The more than 20 hydroelectric projects that Turkey has built on the Tigris and Euphrates Rivers have been sharply criticized for displacing populations and harming the local environment.
Now it’s even easier for hydro companies to build destructive dams in Turkey. Real estate for 13 different hydroelectric projects in 12 provinces can now be seized at any time by Turkey’s Energy Market Regulatory Agency (EPDK) and State Waterworks Authority (DSİ), thanks to a recent decision by the prime minister’s cabinet, as reported in Bianet, Turkey’s independent media agency.
Hydroelectric projects: A matter of national defense?
The cabinet invoked Turkey’s “Nationalization Law” to pass the ruling, even though the law is only supposed to apply in extraordinary circumstances, when homeland security is on the line.
“In times of war, [authorities] used to nationalize properties, but there really was a war in those times. Now, the only war is for investment,” said Cömert Uygar Erdem, an environmental lawyer.
Countless people may be pushed off their land to make way for a hydroelectric project in their area thanks to the ruling. The projects for which property seizure has been authorized are spread all over the country, from Black Sea provinces Zonguldak and Ordu to the southern province of Adana to Erzurum in the northwest.
The use of the homeland defense law to authorize land grabs in these areas is even more absurd when one considers recent remarks by Energy Secretary Taner Yıldız (in Turkish) that Turkey “has no problem producing more energy than it consumes at this time.”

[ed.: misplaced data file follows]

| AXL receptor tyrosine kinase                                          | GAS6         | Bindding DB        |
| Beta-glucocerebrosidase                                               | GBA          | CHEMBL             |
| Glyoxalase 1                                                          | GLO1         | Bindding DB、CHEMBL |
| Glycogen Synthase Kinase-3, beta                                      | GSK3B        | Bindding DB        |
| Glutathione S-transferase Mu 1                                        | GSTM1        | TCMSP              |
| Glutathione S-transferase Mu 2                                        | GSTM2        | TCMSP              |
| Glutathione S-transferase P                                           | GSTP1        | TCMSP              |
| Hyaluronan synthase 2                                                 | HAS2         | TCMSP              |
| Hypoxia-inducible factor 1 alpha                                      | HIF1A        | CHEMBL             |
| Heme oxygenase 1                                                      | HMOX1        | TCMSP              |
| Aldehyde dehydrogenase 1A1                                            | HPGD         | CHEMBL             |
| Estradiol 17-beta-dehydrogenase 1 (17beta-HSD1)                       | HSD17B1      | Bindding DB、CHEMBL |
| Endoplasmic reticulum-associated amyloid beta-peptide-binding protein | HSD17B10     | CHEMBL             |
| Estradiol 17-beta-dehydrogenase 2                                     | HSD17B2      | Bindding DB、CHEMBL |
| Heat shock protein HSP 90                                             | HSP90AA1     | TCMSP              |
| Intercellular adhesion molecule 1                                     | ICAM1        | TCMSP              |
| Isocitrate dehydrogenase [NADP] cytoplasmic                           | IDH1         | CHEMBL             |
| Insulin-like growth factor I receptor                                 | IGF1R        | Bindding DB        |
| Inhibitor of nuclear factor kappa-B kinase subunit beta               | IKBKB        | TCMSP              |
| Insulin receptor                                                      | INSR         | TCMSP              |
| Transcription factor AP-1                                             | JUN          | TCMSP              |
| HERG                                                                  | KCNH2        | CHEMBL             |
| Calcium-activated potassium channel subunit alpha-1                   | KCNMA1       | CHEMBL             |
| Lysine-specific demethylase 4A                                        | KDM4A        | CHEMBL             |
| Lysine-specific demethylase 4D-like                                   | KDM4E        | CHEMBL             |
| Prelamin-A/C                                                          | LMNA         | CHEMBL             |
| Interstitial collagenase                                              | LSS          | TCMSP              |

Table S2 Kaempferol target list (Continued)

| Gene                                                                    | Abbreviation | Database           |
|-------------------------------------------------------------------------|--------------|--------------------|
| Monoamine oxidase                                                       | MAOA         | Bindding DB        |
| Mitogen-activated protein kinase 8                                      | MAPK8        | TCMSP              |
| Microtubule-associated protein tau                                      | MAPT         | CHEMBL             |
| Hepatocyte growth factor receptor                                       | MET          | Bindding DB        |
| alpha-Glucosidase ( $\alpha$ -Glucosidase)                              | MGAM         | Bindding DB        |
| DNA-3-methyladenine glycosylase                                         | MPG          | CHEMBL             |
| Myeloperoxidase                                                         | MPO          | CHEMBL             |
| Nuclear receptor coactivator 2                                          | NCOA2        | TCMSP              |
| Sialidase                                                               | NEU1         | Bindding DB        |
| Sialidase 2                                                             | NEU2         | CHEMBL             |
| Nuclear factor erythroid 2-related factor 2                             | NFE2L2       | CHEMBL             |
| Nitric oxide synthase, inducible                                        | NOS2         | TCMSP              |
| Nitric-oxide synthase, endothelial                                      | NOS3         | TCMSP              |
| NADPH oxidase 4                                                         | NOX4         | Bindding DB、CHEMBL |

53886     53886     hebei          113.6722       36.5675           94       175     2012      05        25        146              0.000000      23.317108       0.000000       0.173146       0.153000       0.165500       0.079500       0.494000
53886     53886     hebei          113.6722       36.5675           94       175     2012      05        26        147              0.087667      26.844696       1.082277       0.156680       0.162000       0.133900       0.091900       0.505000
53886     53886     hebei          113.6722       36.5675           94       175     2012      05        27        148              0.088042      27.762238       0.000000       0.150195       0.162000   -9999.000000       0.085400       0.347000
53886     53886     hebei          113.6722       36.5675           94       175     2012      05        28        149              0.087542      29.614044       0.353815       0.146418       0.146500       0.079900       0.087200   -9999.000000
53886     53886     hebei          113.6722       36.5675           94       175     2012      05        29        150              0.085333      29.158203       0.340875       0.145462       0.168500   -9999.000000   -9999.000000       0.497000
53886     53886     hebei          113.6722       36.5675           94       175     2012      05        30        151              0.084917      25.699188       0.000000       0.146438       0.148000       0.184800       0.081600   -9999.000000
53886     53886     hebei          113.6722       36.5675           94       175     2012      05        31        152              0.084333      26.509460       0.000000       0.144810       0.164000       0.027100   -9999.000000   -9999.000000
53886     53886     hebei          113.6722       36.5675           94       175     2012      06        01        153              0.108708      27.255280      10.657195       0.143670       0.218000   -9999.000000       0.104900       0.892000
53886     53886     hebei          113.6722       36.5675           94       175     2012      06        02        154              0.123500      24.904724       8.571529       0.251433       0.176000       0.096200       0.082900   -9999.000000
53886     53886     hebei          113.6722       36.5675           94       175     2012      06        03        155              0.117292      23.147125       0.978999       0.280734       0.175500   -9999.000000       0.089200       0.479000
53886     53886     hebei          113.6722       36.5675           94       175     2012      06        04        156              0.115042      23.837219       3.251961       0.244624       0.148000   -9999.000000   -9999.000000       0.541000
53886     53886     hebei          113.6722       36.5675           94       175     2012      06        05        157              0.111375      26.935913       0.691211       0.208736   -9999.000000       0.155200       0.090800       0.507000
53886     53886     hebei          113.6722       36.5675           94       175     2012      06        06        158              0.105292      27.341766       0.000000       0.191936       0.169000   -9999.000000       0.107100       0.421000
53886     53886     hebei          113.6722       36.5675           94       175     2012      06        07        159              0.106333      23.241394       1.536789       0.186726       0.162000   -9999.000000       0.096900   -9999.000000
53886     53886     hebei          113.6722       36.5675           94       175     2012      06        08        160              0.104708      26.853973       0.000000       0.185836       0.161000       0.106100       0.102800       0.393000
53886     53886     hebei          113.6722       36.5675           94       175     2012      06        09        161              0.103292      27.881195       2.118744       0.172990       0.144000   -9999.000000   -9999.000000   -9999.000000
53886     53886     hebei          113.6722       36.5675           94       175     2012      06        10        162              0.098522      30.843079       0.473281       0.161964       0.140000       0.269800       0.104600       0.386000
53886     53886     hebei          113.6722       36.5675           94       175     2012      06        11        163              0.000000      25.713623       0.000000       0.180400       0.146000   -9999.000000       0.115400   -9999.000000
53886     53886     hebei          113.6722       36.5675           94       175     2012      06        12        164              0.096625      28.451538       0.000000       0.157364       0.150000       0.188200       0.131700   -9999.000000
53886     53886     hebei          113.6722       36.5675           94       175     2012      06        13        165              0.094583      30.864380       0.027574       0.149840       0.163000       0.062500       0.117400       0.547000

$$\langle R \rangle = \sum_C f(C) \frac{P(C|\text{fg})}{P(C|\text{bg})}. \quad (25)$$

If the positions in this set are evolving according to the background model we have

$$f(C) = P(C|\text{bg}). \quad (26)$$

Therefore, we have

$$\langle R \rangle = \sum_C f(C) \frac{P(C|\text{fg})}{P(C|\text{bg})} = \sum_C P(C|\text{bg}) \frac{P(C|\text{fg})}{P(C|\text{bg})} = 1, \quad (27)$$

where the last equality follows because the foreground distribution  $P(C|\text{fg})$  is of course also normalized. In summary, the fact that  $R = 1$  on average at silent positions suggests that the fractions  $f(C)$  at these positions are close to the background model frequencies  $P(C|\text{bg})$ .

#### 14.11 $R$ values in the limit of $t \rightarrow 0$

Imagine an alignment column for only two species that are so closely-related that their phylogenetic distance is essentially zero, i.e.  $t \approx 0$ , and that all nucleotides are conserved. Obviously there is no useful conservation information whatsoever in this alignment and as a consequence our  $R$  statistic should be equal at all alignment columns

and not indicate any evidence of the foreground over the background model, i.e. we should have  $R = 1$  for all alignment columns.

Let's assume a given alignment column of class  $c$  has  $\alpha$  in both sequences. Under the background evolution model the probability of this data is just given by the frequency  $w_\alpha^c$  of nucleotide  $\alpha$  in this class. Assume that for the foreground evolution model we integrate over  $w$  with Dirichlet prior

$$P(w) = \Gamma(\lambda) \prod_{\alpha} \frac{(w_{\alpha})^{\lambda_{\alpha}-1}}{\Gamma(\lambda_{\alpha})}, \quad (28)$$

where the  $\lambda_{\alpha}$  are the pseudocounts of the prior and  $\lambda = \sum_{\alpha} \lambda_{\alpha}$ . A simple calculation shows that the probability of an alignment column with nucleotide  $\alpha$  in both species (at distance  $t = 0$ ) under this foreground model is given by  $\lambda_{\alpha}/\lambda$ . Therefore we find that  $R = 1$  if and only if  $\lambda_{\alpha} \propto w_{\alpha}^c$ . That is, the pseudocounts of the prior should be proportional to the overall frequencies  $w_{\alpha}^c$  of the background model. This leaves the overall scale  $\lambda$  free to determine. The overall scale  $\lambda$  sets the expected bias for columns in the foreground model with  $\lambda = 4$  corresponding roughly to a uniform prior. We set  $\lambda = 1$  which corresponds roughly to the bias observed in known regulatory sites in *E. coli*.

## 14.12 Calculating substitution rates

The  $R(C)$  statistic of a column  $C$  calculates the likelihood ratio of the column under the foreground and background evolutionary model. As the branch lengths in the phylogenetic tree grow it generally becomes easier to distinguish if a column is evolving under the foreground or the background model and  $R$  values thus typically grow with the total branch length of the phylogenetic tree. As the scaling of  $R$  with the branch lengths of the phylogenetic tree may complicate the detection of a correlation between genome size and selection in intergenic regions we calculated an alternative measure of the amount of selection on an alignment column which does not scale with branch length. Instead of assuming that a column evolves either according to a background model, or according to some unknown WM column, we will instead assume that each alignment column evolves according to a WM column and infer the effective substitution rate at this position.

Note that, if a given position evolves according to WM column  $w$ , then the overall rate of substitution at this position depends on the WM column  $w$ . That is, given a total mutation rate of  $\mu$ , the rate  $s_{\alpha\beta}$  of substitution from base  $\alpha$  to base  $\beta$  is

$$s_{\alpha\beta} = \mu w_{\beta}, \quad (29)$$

Hydro’s checkered legal history in Turkey
Turkey’s highest administrative court had already prevented the cabinet from giving the EPDK the power to nationalize property in 2004, because it would constitute a “transfer of authority”, according to Erdem.
More than 100 of the approximately 120 suits that have been filed against property seizure for hydro development have won, suggesting that legally, hydroelectric companies are often on the wrong side of the law when they try to seize land.
But this time, the cabinet issued separate rulings for each of the 13 projects it wanted to accelerate, directly authorizing the land grab rather than delegating it to the EPDK.
“People will be forced to emigrate and deprived of their properties when [authorities] confiscate their real estates. There were already similar measures in force until [now…] The process is going to accelerate due to this decision, and the destruction of nature will [gather speed,]” said Erdem.
A record of damage to humans and the environment
Last year, the United Nations released a report condemning Turkey’s hydroelectric development plans because of the harm they would cause human communities and ecosystems.
The planned projects have become a major source of contention between Turkey and Iraq, whose inhabitants would directly suffer as a result of changes in the water flow from the Tigris and Euphrates. Earlier this year, Georgia’s Green Party warned that a planned dam in northeastern Turkey could similarly impact Georgia and Azerbaijan by diverting the flow of the biggest water artery in the Southern Caucasus.
Turkey’s hydroelectric habit has already tainted its relations with neighbors. If the cabinet’s ruling stands, the government will be faced with a new population of landless citizens, driven off their property by the greed of hydroelectricity companies. Is that really a situation they want to create?
Read more about hydroelectricity in Turkey:
Turkey’s Early Hydroelectric Dams Featured in Exhibit
Hydroelectric Dam In Turkey May Cause Environmental Catastrophe In Georgia
Turkish Water Projects Stirring Resentment Around The Region
Turkey’s Dams Are Violating Human Rights, UN Report Says
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